Certain characteristics of sperm that affect fertility are best measured by close inspection in a laboratory, where a thorough semen analysis can provide indications of strengths and weaknesses — some of which can then be addressed by effecting changes in diet or lifestyle.
But men can take even greater proactive steps in monitoring their fertility by paying attention to easily observable indicators such as the color and consistency of semen, as some variations in readings could signal problems that otherwise might go undetected until sperm are placed under a microscope.
One factor, commonly known as watery or clear semen, which could be a sign of low sperm counts, could also occur because of lifestyle choices or poor nutrition. Men who possess a greater understanding of what contributes to this factor are understandably in a better position to remedy it – including whether to see a doctor for screening and treatment.
Knowing the causes of male infertility
While men with low sperm counts may be infertile, that factor alone is not altogether determinative. The reasons for having low sperm counts, which are not always obvious, include the following:
Another culprit underlying low sperm counts is a physical condition known as a varicocele (pronounced VAR-ih-koe-seel), which involves a swelling of veins within the scrotal sac that holds the testes. One common way to think of this condition is along the lines of varicose veins which are often seen in human legs. However, while varicoceles can cause low sperm counts in some people, they do not cause fertility issues in roughly 80% of the population.
Frequent ejaculation can also result in the production of watery semen. According to a 2016 study published in the journal Translational Andrology and Urology, study subjects who followed a specific daily ejaculation schedule for a period of two weeks (following 3 to 5 days of abstinence) showed a drop in semen volume during the following timeframes: Between days one and three, and also between days 7 and 14.
Some men experience a condition known as retrograde ejaculation, which involves a faulty bladder sphincter that, during ejaculation, permits semen to pass into the bladder itself, rather than via the usual route through the urethra until it exits the penis. This condition can result in the production of semen that appears to be watery or thin.
Causes of discolored semen can include high blood pressure, a prostate infection, cancer of the urethra, testicles, or prostate, and sexually transmitted infections (STIs). Yellow semen could carry either a greater-than-normal count of white blood cells – a condition known as pyospermia -- or excess urine.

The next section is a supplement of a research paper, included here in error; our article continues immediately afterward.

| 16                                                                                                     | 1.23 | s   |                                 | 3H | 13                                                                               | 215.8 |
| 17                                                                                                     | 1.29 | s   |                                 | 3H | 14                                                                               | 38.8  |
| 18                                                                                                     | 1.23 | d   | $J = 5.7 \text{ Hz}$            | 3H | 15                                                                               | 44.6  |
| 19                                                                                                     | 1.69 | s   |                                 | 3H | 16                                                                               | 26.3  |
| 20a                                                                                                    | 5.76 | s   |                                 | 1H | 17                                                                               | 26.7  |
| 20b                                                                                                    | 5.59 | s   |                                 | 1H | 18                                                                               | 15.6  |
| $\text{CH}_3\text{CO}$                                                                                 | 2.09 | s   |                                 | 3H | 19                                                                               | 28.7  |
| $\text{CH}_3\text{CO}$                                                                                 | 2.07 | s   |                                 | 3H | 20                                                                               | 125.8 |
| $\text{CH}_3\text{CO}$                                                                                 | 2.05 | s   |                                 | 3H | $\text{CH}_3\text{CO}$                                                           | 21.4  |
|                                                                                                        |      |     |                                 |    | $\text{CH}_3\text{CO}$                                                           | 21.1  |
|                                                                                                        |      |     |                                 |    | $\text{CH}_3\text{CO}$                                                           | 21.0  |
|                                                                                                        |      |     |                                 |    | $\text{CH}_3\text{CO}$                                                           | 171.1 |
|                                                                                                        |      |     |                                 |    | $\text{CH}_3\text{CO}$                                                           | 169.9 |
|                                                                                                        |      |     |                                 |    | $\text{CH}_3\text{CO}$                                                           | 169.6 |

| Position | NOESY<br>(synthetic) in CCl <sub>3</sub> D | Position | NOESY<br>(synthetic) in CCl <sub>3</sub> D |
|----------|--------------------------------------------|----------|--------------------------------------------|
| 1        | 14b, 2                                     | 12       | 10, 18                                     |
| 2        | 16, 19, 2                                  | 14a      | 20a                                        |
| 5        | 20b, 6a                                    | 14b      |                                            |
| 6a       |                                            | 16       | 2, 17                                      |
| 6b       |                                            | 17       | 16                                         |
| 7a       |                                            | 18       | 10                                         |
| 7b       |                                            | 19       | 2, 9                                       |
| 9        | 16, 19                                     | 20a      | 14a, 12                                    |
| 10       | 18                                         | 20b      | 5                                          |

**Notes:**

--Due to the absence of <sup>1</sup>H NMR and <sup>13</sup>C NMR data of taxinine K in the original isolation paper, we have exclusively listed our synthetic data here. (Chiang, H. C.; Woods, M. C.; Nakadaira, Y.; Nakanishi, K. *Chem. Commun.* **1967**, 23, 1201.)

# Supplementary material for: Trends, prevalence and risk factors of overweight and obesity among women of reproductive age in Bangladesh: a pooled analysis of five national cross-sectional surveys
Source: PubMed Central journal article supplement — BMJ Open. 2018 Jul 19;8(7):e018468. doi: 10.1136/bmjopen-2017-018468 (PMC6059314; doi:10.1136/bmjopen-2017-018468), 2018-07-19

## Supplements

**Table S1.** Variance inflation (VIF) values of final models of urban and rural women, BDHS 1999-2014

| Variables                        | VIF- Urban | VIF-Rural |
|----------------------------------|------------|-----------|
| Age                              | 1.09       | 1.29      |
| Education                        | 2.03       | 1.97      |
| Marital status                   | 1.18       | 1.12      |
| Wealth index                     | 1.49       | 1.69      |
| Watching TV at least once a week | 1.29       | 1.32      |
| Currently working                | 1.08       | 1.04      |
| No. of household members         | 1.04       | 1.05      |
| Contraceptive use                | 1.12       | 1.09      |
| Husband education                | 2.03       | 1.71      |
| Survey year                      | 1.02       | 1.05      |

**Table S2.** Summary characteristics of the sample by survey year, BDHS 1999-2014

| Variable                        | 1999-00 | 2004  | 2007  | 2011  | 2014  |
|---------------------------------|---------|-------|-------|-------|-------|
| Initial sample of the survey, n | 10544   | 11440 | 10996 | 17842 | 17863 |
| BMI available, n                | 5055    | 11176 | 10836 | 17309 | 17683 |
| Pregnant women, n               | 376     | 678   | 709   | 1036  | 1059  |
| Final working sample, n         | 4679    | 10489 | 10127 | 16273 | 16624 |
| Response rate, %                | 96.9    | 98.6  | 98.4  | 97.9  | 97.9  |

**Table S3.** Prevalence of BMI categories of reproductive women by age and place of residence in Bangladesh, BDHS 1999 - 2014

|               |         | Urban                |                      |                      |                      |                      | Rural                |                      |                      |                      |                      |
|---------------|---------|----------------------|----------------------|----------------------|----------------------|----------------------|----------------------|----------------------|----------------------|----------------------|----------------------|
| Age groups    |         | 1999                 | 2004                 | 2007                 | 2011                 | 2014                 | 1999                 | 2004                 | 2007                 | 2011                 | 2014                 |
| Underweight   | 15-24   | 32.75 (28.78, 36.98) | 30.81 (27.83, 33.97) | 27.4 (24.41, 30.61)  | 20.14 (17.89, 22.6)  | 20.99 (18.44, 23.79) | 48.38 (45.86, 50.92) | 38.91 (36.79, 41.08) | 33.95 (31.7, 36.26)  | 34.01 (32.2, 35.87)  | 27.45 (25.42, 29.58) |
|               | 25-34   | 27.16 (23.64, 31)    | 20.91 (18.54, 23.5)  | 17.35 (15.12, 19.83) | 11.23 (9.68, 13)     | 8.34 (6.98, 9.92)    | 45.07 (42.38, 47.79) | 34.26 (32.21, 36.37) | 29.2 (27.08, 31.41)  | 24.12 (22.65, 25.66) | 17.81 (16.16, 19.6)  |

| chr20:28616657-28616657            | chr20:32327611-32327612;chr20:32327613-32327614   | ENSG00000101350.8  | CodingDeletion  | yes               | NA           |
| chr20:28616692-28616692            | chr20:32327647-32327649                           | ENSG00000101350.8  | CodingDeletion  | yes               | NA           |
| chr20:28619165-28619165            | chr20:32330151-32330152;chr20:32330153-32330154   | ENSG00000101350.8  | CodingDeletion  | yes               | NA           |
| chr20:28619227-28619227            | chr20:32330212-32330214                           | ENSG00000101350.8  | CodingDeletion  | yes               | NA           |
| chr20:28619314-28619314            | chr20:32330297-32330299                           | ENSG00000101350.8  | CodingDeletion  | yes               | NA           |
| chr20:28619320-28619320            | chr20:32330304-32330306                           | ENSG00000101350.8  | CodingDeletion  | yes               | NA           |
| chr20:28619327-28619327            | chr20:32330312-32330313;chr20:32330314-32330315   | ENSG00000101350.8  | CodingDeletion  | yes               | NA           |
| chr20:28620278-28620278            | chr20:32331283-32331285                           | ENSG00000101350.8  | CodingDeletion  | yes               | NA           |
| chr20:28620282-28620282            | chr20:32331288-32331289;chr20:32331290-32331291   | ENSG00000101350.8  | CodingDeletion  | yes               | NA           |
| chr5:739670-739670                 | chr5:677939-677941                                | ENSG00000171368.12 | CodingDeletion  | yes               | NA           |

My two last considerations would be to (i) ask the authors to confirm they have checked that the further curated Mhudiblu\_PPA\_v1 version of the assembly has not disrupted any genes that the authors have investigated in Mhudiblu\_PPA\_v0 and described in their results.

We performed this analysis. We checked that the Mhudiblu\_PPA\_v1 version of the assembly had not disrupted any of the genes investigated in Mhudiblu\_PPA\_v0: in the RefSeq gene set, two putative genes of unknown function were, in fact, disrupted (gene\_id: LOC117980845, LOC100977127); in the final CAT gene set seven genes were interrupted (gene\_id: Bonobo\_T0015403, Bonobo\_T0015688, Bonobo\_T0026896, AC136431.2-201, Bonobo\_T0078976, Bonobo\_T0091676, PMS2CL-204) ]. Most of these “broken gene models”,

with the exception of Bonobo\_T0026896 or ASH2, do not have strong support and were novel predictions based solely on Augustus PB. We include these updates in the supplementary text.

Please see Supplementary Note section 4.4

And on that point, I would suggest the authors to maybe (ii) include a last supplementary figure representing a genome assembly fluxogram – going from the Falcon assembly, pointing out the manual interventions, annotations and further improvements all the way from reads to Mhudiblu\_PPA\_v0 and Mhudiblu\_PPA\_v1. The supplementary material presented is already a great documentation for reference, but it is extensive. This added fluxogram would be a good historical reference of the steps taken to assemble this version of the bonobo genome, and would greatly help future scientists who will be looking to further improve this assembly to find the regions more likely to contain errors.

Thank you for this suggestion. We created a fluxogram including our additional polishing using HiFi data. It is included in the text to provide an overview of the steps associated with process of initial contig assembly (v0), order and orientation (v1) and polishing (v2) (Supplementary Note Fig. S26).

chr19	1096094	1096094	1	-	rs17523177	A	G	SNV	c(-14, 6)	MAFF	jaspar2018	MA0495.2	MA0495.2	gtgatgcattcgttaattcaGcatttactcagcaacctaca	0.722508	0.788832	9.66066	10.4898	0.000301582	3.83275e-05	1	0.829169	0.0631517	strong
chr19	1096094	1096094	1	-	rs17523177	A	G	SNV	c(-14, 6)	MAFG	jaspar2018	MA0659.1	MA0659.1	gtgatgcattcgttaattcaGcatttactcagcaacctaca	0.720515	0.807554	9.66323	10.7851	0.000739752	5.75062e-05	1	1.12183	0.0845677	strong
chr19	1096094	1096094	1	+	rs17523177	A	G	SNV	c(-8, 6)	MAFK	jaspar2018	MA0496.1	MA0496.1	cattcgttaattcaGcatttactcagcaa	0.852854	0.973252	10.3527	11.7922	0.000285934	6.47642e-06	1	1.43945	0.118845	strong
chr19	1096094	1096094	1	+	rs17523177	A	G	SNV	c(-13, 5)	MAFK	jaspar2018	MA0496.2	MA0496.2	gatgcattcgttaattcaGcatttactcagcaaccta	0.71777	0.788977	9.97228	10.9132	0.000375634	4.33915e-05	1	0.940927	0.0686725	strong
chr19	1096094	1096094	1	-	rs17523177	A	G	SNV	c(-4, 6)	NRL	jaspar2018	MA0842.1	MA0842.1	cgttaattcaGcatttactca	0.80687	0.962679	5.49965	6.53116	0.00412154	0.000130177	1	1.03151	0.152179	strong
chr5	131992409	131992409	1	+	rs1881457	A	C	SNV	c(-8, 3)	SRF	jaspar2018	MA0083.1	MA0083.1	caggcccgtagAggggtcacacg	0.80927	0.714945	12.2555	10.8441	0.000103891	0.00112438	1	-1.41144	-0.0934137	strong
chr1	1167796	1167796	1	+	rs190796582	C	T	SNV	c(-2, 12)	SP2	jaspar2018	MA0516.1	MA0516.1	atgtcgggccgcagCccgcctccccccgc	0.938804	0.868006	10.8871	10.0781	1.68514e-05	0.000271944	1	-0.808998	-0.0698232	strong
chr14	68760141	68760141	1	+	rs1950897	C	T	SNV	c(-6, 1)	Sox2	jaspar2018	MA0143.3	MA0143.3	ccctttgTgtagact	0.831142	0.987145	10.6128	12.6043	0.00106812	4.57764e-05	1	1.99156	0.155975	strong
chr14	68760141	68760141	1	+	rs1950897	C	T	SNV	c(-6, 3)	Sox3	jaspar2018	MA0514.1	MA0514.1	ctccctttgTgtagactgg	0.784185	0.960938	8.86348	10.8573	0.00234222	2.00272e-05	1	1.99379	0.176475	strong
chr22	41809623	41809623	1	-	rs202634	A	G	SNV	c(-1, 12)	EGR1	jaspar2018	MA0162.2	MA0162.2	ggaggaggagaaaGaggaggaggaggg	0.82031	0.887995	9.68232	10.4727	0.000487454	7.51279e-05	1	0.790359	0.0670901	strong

When to consult your physician about your fertility
Most conditions that cause male infertility, says the National Institute of Child Health and Human Development, can be traced to problems with testicular function. And some conditions, including clear semen, are known to be temporary and often resolve by themselves.
As is the case with most any health concern, though, it’s best to consult your physician when symptoms manifest, rather than trying to diagnose them yourself. According to an article published by Medical News Today, men who experience “persistent watery or discolored semen should speak with a doctor or urologist”.
Men should also seek medical advice if they experience watery or discolored semen when it is accompanies by any of the following conditions: Painful or difficult urination, chills, discomfort or pain in the scrotum or testicles, fever, nausea, or unusual discharge.
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In order to get at the heart of the cause(s) of discolored or watery semen, your physician will likely ask you about your medical history, lifestyle habits, and symptoms. A physical examination may also be performed. If your physician deems it necessary, a semen sample may be requested which will undergo an analysis to determine consistency and volume, sperm motility (swimming ability), acidity, sperm count, and sperm morphology (shape and size).
Possible treatments for watery sperm include taking antibiotics (in the event of a bacterial infection), hormone therapy (in the event of hormonal imbalances), and procedures to address varicoceles. The latter involve percutaneous embolization, a minimally invasive procedure in which an object is inserted into the enlarged vein in order to enhance or restore blood flow from the associated testicle; and, laparoscopic surgery, where a surgeon places a camera through the abdominal area in order to pinpoint the problem for repair, blockage, or removal.
The Legacy man can best protect his assets by taking prudent measures to analyze his sperm and, if necessary, arrange for needed treatments.